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Writing Books/Breaking up book into chapters


QUESTION: Hello Bobbie Christmas,

I am a poet/writer in the process of writing a book. It is unique in the sense that it is a series of life events with my poetry interwoven into it. Essentially I will tell the back stories to my poetry by going in depth as to how each piece was inspired or came about. I am having trouble on understanding how to break up the book into chapters. For example many of my pieces are of my upbringing (father, mother, brother, etc.) some pieces my be about love, others about adversity. How do I break this up into chapters? I am kind of at a stand still until I truly understand how to accomplish this however when I do I feel I will be off to the races and most of my content is already written. Please assist. Sincerely, IQ the Poet."

ANSWER: As you have probably learned, no rules exist for breaking books into chapters. The only thing that applies is that information should flow in a logical manner. Does this mean it has to be chronological? No. It sounds to me that you have the following overall topics: father, mother, brother, love, and adversity. There may be more than you listed, but we’ll use these as an example. With topics in mind, you may want to think in terms of sections, rather than chapters, with each section labeled by topic.

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---------- FOLLOW-UP ----------

QUESTION: Ah Yes, this makes total sense.  But then how would this affect the table of contents?  Would it then be labeled according to topic? Thank you so much for such a quick response.

If it were me, I would list the sections in the table of contents and then under each section list the titles of each item that appears in that section and the page numbers that start those items, be they poems or in-depth essays.
The table of contents might then look something like this (note that I see the layout gets a little screwy in this format; the numbers should align, but I think you will get the picture):

Section I: Mother

Nurture versus Nature…4
Where Were You?........   5
Loving Arms……………7
Missing Mom……………9

Section II: Father

New Parenthood………11
Fly Fishing……………..13
Wise Counsel………….16
Lost Opportunity………20

Section III: Brother


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Bobbie Christmas


Book Doctor Bobbie Christmas owns Zebra Communications, a book-editing firm in metro Atlanta. She not only edits books, she also helps writers power up their prose to increase their chances of success. She is the author of Write In Style (Union Square Publishing), a creative-writing guide that won three awards.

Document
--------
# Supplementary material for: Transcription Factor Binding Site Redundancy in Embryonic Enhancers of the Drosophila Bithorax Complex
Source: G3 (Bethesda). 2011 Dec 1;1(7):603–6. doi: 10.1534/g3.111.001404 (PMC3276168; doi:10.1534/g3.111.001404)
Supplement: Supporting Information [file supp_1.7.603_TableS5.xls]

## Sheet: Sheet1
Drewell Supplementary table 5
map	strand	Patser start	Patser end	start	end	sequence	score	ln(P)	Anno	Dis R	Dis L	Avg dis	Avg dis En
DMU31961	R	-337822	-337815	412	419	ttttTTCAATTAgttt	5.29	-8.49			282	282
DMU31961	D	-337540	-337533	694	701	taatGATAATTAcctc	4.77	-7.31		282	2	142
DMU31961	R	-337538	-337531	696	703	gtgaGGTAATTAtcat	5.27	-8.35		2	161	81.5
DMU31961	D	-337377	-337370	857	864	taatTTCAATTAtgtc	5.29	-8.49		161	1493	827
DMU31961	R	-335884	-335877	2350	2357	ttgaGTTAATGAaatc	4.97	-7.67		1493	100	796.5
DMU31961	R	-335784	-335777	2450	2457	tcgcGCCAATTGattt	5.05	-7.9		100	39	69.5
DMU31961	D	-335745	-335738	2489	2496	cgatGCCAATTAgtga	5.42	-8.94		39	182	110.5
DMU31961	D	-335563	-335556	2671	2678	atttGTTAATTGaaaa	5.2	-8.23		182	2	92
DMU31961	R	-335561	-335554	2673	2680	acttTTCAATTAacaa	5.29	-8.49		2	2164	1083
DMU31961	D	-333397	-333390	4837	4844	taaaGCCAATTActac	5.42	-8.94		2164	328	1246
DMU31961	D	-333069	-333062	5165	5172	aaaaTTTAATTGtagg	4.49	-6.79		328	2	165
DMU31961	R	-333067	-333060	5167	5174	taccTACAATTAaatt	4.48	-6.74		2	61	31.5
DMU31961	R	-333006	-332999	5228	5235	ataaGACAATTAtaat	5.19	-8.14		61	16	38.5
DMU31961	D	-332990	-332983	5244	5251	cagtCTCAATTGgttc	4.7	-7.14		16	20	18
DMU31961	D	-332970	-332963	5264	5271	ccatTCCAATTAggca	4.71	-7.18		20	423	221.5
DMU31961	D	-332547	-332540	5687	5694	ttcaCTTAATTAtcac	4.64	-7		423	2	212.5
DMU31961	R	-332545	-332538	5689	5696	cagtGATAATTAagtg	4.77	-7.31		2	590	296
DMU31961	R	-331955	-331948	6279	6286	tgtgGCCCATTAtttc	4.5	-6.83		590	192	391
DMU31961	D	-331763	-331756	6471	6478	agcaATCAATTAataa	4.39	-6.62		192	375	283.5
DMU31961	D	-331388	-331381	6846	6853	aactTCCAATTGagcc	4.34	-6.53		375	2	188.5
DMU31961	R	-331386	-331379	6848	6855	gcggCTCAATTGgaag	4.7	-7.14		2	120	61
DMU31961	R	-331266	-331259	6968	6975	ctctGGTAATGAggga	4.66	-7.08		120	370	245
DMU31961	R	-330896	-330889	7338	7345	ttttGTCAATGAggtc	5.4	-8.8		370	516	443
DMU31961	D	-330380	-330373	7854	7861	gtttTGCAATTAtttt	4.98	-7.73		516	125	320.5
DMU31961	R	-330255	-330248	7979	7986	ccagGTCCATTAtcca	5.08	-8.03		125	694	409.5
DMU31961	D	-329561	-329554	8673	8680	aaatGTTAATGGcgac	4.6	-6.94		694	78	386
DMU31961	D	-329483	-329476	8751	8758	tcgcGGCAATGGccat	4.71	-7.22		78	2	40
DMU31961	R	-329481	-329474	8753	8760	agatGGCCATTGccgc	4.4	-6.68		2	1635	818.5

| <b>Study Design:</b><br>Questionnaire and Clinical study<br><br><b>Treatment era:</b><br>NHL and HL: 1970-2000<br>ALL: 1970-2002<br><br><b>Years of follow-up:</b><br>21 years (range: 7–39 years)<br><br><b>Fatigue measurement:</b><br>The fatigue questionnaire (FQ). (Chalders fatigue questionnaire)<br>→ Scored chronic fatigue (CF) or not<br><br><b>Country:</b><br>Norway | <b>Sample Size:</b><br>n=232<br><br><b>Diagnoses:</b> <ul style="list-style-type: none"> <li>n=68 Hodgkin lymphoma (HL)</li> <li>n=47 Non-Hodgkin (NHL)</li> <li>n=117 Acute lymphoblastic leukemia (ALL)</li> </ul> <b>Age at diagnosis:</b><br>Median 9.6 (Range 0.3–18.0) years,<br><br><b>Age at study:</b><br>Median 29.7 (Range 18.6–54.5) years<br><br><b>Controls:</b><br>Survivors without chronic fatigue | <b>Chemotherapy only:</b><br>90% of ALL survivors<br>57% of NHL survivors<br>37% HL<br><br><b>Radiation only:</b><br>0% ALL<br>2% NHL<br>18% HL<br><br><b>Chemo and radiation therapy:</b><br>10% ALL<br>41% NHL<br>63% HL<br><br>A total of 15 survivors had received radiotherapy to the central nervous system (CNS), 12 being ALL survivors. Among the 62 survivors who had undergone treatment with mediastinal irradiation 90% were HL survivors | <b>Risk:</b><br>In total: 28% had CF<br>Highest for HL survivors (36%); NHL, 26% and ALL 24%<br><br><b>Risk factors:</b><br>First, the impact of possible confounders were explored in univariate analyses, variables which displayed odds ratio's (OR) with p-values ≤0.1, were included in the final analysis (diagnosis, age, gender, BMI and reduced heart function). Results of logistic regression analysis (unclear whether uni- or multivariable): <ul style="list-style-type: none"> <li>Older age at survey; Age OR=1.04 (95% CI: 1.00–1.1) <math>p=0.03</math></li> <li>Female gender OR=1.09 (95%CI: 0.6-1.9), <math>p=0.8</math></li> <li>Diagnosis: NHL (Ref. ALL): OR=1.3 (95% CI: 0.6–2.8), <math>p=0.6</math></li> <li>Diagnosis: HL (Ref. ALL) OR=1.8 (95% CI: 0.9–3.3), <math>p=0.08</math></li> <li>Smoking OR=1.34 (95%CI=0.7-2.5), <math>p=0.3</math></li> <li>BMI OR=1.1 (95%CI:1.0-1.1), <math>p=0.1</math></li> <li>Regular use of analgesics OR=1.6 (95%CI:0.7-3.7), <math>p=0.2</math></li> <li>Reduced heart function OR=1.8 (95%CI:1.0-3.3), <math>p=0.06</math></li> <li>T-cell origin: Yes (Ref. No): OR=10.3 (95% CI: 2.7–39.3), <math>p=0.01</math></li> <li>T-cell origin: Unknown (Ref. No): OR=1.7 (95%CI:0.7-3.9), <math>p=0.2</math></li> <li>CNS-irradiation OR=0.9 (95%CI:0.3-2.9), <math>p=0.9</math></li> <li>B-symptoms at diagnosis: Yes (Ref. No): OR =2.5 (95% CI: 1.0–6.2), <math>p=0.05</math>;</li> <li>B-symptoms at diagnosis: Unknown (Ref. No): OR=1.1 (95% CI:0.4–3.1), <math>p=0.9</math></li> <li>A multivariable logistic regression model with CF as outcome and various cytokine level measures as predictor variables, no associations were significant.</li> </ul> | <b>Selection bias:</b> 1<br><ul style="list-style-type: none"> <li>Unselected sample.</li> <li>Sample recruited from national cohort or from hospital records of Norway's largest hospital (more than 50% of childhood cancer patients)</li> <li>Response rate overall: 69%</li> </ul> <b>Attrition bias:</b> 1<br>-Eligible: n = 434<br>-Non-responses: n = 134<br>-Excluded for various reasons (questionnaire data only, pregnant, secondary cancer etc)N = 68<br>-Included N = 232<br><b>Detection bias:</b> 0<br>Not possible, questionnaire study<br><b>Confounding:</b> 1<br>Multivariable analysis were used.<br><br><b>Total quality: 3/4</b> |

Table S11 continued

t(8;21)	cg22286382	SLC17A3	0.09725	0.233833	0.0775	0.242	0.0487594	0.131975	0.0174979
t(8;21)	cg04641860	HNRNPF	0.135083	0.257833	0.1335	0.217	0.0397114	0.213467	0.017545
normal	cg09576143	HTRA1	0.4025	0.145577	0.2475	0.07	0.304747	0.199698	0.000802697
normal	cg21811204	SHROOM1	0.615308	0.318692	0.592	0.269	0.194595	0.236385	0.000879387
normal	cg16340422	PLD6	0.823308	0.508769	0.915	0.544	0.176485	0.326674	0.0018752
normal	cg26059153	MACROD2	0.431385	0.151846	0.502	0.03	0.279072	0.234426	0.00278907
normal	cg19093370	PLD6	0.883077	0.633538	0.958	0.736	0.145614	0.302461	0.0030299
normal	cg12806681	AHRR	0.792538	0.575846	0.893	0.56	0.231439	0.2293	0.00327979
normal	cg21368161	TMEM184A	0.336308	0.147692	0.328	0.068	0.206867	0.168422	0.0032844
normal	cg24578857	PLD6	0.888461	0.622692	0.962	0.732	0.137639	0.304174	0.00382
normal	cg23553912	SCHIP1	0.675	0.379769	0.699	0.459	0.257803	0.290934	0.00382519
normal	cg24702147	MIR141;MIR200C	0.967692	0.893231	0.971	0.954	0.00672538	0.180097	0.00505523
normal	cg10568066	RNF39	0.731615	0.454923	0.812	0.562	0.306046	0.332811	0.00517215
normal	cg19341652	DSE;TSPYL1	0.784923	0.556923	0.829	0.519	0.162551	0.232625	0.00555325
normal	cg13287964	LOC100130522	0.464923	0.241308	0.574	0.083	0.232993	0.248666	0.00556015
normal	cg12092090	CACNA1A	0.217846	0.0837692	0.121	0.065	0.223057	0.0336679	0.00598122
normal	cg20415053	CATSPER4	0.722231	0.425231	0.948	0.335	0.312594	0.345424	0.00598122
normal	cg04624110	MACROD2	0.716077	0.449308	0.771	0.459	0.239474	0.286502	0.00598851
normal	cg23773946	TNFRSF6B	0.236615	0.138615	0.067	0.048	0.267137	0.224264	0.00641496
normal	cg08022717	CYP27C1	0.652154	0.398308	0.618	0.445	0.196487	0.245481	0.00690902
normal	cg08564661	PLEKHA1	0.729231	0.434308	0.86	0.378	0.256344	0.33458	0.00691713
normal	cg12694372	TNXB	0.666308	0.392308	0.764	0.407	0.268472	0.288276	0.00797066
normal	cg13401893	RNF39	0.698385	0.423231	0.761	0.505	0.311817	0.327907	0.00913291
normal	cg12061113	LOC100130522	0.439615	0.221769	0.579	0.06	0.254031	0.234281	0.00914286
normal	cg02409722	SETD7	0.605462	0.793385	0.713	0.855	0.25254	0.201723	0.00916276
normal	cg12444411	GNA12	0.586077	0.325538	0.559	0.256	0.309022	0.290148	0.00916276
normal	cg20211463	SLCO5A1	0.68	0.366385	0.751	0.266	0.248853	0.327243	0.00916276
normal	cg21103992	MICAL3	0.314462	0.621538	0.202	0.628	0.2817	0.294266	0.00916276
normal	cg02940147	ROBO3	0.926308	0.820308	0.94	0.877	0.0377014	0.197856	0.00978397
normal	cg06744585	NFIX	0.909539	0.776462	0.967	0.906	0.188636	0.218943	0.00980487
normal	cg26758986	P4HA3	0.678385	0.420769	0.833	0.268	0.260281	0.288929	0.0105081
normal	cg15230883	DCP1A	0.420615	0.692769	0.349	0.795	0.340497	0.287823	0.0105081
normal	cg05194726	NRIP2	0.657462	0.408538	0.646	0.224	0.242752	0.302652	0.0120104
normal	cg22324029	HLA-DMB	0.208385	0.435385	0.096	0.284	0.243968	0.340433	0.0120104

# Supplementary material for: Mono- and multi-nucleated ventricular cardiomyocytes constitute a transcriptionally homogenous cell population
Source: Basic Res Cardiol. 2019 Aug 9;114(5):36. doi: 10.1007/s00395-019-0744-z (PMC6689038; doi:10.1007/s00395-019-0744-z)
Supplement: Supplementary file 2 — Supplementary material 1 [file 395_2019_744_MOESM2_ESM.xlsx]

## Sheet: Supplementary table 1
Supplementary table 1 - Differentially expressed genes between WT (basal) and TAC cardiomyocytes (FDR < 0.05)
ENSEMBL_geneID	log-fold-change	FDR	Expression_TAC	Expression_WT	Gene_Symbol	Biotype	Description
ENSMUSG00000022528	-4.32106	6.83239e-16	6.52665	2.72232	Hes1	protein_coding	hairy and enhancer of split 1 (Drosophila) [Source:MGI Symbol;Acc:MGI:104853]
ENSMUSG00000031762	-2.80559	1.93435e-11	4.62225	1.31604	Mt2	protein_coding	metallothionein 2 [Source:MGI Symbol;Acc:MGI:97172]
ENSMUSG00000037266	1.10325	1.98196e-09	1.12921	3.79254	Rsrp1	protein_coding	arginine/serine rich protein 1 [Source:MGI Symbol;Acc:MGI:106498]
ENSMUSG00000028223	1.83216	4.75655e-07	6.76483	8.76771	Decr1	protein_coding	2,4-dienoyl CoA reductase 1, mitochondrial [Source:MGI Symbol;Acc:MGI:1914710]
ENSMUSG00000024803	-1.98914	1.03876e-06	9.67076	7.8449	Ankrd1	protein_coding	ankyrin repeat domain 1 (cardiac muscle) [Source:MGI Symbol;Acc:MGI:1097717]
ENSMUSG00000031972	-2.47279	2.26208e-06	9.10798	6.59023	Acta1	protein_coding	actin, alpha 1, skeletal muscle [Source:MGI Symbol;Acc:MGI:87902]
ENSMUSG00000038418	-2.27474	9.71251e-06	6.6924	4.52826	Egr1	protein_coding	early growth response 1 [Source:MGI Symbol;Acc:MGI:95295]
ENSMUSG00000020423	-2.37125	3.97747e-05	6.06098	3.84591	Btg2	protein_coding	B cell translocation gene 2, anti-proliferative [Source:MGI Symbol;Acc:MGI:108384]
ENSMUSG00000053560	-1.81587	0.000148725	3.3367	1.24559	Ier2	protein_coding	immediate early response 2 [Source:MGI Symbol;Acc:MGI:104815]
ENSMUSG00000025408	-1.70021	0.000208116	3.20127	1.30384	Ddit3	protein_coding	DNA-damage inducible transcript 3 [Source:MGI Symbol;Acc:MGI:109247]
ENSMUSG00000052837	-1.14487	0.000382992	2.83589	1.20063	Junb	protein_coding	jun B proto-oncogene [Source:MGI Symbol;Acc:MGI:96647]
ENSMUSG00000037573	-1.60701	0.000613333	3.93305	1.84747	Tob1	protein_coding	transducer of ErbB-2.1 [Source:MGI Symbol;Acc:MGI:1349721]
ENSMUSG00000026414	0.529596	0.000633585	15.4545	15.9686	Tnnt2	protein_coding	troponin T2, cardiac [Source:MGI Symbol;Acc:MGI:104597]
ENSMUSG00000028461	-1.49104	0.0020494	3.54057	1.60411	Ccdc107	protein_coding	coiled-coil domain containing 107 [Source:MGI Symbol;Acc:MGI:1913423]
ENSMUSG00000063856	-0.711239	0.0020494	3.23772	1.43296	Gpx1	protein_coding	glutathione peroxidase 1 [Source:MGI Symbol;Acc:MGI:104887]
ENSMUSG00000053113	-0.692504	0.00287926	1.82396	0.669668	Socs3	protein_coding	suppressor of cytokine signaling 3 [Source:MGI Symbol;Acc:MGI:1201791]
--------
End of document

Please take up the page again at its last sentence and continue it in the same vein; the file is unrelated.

Bobbie has spent more than 40 years in the publishing and communications industry and has run Zebra Communications, a book-editing company, since 1992. The editor of many publications and periodicals, she has worked with book publishers and trade magazine publishers as well as working in marketing communications and corporate communications.

Past president, Georgia Writers Association; past vice president, South Carolina Writers Workshop; charter/lifelong member, Florida Writers Association; Southeastern Writers Association; Atlanta Writers Club; Society for the Preservation of English Language and Literature (SPELL); International Guild of Professional Consultants

Write in Style (Union Square Publishing), A Cup of Comfort (Adams Media Corporation), A Cup of Comfort for Friends (Adams Media), A Cup of Comfort for Mothers and Sons (Adams Media), Haunted Engounters (Atriad Press), Remembering Woolworth's (St. Martin's Press), First-Time Home Buyer magazine, HomeBusiness Journal, Apparel Industry Magazine, Edge Magazine, Atlanta Jewish Times, Time Travel Australia, American Writers Review, Points North, That's Entertainment, Atlanta Parent, Agnes Scott Alumnae Magazine, etc.

Journalism: University of South Carolina plus four decades of working in publishing, marketing, communications, advertising, newspaper and magazine production, book publishing, etc.

Awards and Honors
First Place, nonfiction, Georgia Writers Annual Contest, 2005; First Place, education, Royal Palm Literary Award, 2004; Best in Division, Georgia Author of the Year Awards, 2005; Finalist, Best Books 2005, USA BookNews Third Place, nonfiction, Georgia Writers, 1999; Nominated for Georgia Author of the Year, 1998; plus many other awards

Past/Present Clients
Capital Books, Sourcebooks, Olin Frederick, The Writer's Machine, Russell Dean & Company, Outskirts Press, and hundreds of writers.

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